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Barroso says tide turning against austerity

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(BRUSSELS) - The head of the European Commission has suggested that the political and social tide may have turned against austerity, just as major eurozone economies France and Spain seek more time to bring down their deficits.

Supporters of a policy switch away from austerity in the pursuit of growth hailed former Portuguese prime minister, Jose Manuel Barroso, for "waking from a coma" after he suggested the time may have come to rethink the bloc's emphasis on belt-tightening during a Brussels panel discussion Monday evening.

But his remarks also drew criticism as ringing "hollow" after Barroso failed to produce an alternative recipe for the 340 million people of a currency area battered by recession and unemployment.

But Germany, the main advocate for austerity, insisted that Europe "stay the course" on repairing public finances.

A spokesman for Barroso told journalists on Tuesday that any "impression of a U-turn" on policy was wrong, and that he was simply reiterating his message of recent months that Europe must complement austerity with investment to unlock lasting growth.

But the Commission president also said later on Tuesday that a "new narrative" was required for the EU, that could "unite citizens and come up with a new vision."

Barroso said Monday that while the austerity policy "is fundamentally right, I think it has reached its limits in many aspects, because a policy to be successful not only has to be properly designed. It has to have the minimum of political and social support."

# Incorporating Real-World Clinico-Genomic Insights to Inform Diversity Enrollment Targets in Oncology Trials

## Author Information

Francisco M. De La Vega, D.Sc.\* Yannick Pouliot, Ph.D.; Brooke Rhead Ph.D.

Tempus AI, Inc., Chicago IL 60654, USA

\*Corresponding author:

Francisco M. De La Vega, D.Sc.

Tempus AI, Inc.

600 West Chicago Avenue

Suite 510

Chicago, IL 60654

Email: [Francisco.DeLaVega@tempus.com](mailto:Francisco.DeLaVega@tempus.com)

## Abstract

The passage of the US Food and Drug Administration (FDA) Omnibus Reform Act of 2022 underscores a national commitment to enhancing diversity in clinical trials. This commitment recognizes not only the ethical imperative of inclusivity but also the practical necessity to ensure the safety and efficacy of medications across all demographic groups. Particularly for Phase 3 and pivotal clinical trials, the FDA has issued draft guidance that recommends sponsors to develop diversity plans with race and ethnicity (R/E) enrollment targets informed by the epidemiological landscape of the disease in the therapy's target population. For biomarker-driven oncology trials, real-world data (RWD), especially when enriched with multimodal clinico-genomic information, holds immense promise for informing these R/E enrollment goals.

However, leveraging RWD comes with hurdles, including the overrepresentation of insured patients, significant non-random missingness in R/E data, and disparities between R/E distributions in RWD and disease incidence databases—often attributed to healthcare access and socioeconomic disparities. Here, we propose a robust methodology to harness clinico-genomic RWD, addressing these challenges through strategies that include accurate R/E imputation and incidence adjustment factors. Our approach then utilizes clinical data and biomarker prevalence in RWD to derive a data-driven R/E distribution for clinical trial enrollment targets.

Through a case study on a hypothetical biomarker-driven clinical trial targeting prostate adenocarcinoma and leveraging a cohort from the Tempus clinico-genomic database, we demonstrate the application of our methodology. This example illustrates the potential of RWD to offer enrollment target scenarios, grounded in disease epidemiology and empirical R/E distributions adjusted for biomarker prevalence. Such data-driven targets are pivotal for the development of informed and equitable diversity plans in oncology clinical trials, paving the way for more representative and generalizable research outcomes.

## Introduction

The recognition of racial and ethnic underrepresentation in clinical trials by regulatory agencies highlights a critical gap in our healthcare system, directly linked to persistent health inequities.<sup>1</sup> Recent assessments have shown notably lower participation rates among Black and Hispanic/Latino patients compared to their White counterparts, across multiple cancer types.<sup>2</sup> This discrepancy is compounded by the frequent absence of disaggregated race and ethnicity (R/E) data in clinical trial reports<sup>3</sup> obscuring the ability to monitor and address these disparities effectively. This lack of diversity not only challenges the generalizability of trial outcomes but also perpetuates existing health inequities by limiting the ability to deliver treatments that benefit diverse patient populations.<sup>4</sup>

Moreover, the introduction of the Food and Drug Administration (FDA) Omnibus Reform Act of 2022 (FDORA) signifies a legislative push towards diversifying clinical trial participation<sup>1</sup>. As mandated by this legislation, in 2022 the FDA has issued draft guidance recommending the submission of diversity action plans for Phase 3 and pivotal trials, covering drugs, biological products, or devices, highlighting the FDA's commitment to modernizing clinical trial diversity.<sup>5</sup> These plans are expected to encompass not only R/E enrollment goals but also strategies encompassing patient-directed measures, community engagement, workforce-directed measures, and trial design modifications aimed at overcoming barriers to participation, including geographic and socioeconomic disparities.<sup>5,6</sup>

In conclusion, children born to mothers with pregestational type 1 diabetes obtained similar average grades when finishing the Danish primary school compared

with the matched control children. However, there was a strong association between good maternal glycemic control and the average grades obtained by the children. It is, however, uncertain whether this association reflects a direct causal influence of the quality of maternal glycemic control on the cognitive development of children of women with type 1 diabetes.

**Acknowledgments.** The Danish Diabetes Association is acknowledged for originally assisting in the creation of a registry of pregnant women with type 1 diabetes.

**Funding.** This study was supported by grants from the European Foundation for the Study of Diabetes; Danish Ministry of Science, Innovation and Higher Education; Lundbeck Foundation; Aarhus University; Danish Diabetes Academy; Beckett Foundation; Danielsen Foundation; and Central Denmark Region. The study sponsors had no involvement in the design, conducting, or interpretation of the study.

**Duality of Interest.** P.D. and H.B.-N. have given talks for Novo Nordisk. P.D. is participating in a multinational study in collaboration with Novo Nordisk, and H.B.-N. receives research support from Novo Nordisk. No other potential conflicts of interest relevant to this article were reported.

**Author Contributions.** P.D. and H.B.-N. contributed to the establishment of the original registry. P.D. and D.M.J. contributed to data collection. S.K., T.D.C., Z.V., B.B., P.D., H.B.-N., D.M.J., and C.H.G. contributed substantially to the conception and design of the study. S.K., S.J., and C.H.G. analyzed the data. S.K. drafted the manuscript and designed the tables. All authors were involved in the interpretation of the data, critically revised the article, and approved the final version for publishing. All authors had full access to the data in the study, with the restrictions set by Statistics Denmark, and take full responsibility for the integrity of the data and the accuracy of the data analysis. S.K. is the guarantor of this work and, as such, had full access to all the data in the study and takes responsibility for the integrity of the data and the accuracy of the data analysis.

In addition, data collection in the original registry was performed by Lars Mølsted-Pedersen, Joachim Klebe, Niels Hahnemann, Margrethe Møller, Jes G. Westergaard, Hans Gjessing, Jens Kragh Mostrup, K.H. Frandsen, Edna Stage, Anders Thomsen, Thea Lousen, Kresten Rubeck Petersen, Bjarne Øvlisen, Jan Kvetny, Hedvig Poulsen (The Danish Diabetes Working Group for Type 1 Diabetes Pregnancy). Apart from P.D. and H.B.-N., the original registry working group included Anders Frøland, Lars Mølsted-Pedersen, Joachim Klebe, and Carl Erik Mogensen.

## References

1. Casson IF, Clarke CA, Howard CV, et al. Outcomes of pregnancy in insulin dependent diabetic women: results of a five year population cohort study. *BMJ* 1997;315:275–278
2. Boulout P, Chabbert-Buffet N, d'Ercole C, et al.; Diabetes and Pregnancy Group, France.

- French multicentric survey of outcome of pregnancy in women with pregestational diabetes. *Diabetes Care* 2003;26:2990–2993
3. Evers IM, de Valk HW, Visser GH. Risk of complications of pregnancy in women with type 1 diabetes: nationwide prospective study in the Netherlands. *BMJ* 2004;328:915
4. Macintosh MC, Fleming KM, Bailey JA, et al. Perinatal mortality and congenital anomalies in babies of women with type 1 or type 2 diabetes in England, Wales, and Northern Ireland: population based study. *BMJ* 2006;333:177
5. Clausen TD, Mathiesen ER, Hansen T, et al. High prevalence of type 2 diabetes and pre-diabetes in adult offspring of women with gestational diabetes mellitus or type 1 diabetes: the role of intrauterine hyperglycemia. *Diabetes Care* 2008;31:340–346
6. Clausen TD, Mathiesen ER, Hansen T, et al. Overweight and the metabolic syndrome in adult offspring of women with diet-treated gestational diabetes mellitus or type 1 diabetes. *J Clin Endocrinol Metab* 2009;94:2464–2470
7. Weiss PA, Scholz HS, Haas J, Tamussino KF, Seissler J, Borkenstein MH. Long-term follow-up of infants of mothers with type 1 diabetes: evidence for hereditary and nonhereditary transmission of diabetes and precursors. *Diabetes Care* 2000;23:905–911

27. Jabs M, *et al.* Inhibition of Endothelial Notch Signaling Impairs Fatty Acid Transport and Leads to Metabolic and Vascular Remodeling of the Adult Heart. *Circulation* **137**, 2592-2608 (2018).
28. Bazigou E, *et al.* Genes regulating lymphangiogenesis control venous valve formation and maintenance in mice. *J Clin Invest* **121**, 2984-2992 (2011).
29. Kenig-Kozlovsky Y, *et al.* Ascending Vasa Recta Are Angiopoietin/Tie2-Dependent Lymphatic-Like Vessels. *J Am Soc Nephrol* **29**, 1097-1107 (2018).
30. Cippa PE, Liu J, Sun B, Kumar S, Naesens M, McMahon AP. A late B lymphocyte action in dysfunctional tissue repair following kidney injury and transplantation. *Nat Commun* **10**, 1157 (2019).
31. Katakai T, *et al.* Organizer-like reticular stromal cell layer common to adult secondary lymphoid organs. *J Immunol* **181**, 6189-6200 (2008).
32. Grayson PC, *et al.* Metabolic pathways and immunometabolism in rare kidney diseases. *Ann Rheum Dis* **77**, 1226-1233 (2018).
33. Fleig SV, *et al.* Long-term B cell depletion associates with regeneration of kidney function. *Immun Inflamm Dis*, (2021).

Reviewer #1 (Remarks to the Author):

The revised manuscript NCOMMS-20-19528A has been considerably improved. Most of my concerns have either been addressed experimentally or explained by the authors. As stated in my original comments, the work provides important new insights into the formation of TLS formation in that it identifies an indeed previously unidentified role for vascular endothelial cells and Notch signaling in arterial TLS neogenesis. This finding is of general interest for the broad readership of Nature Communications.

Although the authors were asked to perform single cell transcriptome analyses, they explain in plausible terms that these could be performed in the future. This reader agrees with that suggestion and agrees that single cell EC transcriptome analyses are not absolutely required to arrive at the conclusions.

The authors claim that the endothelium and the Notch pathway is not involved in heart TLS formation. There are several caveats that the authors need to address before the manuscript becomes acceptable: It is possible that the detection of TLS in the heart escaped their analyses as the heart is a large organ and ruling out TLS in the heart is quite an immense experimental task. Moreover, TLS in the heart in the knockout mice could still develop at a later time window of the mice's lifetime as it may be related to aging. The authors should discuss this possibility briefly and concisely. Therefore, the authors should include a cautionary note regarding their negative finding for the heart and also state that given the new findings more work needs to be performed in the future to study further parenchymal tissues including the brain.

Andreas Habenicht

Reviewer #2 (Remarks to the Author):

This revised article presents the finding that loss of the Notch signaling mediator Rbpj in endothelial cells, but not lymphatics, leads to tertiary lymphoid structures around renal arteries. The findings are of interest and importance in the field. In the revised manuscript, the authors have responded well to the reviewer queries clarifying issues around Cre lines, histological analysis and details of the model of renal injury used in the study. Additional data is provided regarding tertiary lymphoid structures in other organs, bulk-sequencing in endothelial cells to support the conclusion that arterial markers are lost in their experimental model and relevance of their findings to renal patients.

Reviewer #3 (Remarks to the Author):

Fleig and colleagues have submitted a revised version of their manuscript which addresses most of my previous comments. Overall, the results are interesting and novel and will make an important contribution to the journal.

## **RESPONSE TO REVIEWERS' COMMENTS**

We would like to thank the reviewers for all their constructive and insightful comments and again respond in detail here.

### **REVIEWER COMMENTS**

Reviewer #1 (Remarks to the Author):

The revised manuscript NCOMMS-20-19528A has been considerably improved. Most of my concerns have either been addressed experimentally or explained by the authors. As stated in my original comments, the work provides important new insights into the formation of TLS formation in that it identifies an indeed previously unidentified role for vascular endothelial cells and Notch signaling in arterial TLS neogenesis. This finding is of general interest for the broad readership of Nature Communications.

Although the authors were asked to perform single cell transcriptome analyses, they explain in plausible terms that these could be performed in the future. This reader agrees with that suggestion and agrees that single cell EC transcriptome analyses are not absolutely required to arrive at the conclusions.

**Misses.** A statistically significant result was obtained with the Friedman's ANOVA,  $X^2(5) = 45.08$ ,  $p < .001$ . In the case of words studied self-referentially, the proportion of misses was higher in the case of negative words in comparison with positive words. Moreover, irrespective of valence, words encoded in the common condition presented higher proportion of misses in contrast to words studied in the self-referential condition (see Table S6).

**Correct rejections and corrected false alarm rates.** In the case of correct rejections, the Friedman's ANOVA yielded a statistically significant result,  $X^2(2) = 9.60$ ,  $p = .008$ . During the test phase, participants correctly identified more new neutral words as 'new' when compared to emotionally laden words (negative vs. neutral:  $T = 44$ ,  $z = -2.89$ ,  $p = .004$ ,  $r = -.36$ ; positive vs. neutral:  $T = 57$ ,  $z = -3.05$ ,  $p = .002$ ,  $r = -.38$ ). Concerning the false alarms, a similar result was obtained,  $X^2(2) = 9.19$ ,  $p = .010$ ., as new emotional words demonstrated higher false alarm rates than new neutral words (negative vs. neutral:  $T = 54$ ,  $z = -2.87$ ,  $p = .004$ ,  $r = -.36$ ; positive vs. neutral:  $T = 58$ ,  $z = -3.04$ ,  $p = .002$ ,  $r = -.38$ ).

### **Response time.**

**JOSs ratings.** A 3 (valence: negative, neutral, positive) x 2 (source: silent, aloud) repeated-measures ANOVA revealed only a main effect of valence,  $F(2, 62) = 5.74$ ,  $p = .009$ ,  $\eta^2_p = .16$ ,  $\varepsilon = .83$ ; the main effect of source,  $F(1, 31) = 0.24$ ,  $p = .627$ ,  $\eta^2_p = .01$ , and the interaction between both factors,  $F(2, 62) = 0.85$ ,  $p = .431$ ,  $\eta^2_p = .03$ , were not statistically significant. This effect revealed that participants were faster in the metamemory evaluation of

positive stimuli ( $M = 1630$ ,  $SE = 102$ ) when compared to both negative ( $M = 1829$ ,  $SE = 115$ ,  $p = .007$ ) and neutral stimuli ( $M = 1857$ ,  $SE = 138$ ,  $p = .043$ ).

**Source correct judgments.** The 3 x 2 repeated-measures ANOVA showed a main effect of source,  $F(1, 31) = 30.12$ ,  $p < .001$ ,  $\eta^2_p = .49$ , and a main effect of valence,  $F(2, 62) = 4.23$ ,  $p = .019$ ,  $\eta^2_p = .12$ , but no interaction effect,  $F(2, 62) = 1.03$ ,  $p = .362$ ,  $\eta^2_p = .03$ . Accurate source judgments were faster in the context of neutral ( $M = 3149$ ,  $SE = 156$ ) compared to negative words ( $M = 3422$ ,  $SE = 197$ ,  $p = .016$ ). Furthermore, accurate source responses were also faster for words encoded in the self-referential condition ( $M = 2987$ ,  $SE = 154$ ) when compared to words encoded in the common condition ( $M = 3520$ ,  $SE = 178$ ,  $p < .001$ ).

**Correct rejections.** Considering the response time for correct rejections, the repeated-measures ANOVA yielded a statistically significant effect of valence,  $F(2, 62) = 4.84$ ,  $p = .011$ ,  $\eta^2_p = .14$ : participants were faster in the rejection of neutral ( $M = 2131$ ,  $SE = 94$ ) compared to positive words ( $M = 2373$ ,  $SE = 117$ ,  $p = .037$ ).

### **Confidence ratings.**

Barroso said important improvements such as in EU economic management will "not respond to the concerns of the unemployed citizen in Greece or Portugal or many other countries we could quote."

Though perhaps not politically plausible, he said the goals of austerity must remain bedrock policy in order to create economic space for growth and job creation that is not "artificial" -- that is, based on unsustainable public or private debt.

Barroso did not offer any alternative to austerity, however.

A fellow of the London School of Economics, Sony Kapoor, took to Twitter on Tuesday to complain that the politician's "much belated questioning of austerity rings hollow," because he "merely said it's politically difficult, not that it's economic nonsense."

The economist said austerity was "mindless, arithmetically nonsensical, politically tone deaf, socially risky, intellectually indefensible and financially unsustainable."

New economic survey data released on Tuesday indicated that the eurozone economy contracted for the 19th time in 20 months in April -- with Germany also back in decline.

The head of the Socialists and Democrats in the European Parliament mocked Barroso "for waking up from his five-year coma and finally acknowledging the reality that austerity is neither effective nor socially viable."

Barroso's comments come just weeks before Commission decisions on French and Spanish requests for extra time to reduce their public spending deficits to within agreed EU limits.

Spain is seeking leeway to ease its 2013 deficit target to six percent of gross domestic product (GDP), as the eurozone's fourth-biggest economy is expected to continue to contract this year, maybe as much as 1.5 percent.

Last year Spain's deficit came in at 10.6 percent of GDP, including the exceptional cost of bailing out banks, or 7 percent without.

France is seeking to push pack the target of getting its public deficit under the EU's notional ceiling of 3.0 percent to 2014 from this year. It is expected to post no growth or fall into recession in 2013 and its 2012 deficit came in at 4.8 percent of GDP.

However, Germany remains wary of any looser commitment to Berlin's core eurozone policy -- at least until September general elections.

"Now we must resolutely stay the course, which has always equally stressed consolidation and the strengthening of forces of growth through reforms as the basis for healthy growth," the German finance ministry said Tuesday in a statement.

German Finance Minister Wolfgang Schaeuble said in Washington last week: "Europe can't function without solving the structural problems."

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